This post is a part of a series on Clean Energy Momentum
Quick quiz: What does the nation’s top emitter of power sector carbon dioxide have in common with the largest-ever wind project in the US?
More than just superlatives, if American Electric Power (AEP) gets its way.
Last week, AEP—one of the largest power producers in the US, serving 5.4 million customers across 11 states with a generation portfolio that has long been heavily reliant on coal—announced plans to purchase Wind Catcher, a 2,000 megawatt (MW) wind farm under construction in the Oklahoma panhandle.
But as incredible as the AEP news was—2,000 MW! 800 turbines! Enough electricity to power nearly a million homes each year!—it was also incredibly just one of several recent blockbuster announcements by major power producers.
This clean energy momentum thing? It’s happening.
Out with the coal, in with the new
For a company with a power portfolio still dominated by coal, AEP’s record-breaking wind announcement made for quite a splash. But the biggest headline of all in this $4.5 billion pivot to a cleaner energy profile? The project isn’t expected to raise customer rates at all. In fact, it’s projected to save customers $7 billion over the course of 25 years.
Hard to argue with that.
Nor did Wall Street try to argue: In the aftermath of the announcement, AEP’s shares went up, up, up.
And this isn’t the first sign of a shift in AEP-land. Just a few months earlier, Appalachian Power, an AEP subsidiary serving 1 million customers in Virginia, West Virginia, and Tennessee, signaled similar future changes to its generation mix: hot on clean, cold on coal.
In an interview with the West Virginia Gazette, the company’s president, Chris Beam, reiterated his response to West Virginia Governor Jim Justice’s desire to see the utility burn more coal: “We’re not going to build any more coal plants. That’s not going to happen.”
But clean energy? That’s where he sees Appalachian Power’s future. Beam explained that major potential electricity customers (like an Amazon or a Google sitinf a new data center) increasingly have requirements for being able to source clean energy to power their operations. Beam thus reasoned:
“At the end of the day, West Virginia may not require us to be clean, but our customers are. So if we want to bring in those jobs, […] they have requirements now, and we have to be mindful of what our customers want.”
This July, Appalachian Power followed through, announcing plans to acquire two new wind projects in Ohio and West Virginia.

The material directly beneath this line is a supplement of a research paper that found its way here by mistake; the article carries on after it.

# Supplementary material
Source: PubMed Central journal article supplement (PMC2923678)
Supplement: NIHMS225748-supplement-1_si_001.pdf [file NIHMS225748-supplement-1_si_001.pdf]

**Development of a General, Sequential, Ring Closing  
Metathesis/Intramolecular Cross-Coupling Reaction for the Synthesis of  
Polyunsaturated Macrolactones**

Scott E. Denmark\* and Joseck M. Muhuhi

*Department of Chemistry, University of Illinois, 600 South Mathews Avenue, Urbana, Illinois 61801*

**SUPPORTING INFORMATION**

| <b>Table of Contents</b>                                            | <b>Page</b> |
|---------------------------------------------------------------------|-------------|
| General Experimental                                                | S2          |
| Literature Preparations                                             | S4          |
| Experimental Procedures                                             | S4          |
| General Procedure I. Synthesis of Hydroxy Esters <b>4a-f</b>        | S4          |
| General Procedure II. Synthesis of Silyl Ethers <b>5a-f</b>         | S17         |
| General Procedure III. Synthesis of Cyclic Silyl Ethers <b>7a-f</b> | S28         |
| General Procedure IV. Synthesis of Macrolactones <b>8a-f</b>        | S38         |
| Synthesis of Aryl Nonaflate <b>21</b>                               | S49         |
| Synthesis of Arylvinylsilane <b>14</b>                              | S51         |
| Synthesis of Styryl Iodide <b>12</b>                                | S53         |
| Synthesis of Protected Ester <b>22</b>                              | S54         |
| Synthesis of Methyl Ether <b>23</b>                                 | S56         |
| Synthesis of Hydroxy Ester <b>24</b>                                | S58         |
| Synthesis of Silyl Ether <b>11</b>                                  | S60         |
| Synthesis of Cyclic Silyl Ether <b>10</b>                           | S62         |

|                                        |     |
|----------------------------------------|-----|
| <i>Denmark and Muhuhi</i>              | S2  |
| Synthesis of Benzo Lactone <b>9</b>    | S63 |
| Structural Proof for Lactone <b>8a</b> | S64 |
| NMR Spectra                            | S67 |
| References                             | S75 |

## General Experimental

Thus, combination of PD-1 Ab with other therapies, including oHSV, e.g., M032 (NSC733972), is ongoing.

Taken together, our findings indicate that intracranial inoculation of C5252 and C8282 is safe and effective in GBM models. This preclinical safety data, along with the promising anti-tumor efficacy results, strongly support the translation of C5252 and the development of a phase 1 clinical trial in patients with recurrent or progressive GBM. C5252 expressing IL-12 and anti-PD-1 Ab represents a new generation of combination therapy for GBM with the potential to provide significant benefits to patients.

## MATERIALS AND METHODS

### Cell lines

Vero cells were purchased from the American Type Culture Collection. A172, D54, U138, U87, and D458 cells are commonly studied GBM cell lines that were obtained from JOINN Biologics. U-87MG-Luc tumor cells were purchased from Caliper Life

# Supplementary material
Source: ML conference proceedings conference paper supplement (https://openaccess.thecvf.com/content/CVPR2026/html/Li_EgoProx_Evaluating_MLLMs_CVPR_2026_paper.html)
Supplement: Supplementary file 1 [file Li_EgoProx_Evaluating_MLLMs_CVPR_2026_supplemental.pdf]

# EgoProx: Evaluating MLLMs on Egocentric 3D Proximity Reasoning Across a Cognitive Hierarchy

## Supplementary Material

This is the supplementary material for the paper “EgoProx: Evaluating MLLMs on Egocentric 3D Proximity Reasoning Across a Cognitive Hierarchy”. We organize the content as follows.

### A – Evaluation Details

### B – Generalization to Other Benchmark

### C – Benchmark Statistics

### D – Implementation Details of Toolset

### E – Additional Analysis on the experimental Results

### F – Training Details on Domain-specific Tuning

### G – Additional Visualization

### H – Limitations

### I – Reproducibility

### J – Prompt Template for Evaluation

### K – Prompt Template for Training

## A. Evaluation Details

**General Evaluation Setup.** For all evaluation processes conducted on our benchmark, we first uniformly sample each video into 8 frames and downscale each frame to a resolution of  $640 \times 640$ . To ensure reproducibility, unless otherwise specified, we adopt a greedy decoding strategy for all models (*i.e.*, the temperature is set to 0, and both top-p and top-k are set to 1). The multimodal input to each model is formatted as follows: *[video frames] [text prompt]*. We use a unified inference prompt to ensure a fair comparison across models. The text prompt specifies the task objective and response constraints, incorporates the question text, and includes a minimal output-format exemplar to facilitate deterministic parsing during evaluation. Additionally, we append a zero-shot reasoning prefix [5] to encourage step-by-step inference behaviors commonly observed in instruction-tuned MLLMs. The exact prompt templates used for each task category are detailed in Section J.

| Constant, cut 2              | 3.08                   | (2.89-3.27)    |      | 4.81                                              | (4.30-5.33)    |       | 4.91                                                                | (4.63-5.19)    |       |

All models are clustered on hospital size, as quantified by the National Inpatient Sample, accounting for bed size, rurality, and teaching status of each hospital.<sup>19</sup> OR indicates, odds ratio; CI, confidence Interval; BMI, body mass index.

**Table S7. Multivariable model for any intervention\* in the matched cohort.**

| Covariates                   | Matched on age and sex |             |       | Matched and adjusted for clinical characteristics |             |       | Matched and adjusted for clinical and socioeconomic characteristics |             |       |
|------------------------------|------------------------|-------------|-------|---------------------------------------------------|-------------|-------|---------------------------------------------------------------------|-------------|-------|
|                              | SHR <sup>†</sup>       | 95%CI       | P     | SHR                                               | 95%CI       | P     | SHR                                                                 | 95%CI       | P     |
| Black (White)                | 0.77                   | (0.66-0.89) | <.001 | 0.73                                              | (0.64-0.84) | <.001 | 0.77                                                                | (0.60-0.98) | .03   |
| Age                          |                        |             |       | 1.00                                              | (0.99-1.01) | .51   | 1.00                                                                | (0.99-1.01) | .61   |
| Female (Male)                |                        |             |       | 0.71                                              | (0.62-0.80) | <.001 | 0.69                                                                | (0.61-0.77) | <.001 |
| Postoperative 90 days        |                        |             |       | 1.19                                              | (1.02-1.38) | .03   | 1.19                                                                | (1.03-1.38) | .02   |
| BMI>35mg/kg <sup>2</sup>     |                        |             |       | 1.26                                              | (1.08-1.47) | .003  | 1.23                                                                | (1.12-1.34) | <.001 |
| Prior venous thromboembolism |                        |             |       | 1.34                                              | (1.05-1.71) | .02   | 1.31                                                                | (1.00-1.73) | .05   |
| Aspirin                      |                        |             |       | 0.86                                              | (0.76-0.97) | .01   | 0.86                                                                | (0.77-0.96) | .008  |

And AEP is not alone.
Xcel Energy, another of the country’s largest coal-fired power producers, has also been making the leap from coal to wind. Even after the Trump administration’s handcuffing of the Clean Power Plan, Xcel CEO Benjamin Fowke declared, “I’m not going to build new coal plants in today’s environment. And if I’m not going to build new ones, eventually there won’t be any.”
Xcel’s appetite for wind, on the other hand? It’s starting to seem insatiable.
Already sourcing nearly 20 percent of its power from wind, in March the company proposed a sprawling 7-state, 11-wind farm initiative to bring 3,380 MW of new generation onto its system by 2021—upping its share of wind to nearly 35 percent of its energy portfolio. Said Fowke:
“We’re investing big in wind because of the tremendous economic value it brings to our customers. With wind energy at historic low prices, we can secure savings that will benefit customers now and for decades to come.”
And indeed, savings is what they expect to see. For the 1,230 MW proposed in Texas and New Mexico, Xcel projects savings of $2.8 billion over 30 years; for the 1,550 MW in the Upper Midwest, savings of more than $4 billion; and for the 600 MW in Colorado, savings of $1.1 billion.
Across the board: real wind, real savings, real progress.
Wind for today, wind for the future
Here’s a critical point about the above efforts. For climate change, when we look to the future, to the near-term, to now, it’s painfully clear that utilities cannot simply supplement their portfolios with wind and other renewable resources—they need to be simultaneously dialing back their use of fossil fuels, and fast.
That’s why it is such a big deal to see moves like those by AEP and Xcel, which highlight that the calculus for utilities is changing; renewable energy is not an add-on, but an increasingly central, critical, and non-negotiable part of the story. And thus we expect that this is just the start of utilities standing up to make the leap from coal to a new goal: wind, wind, wind.
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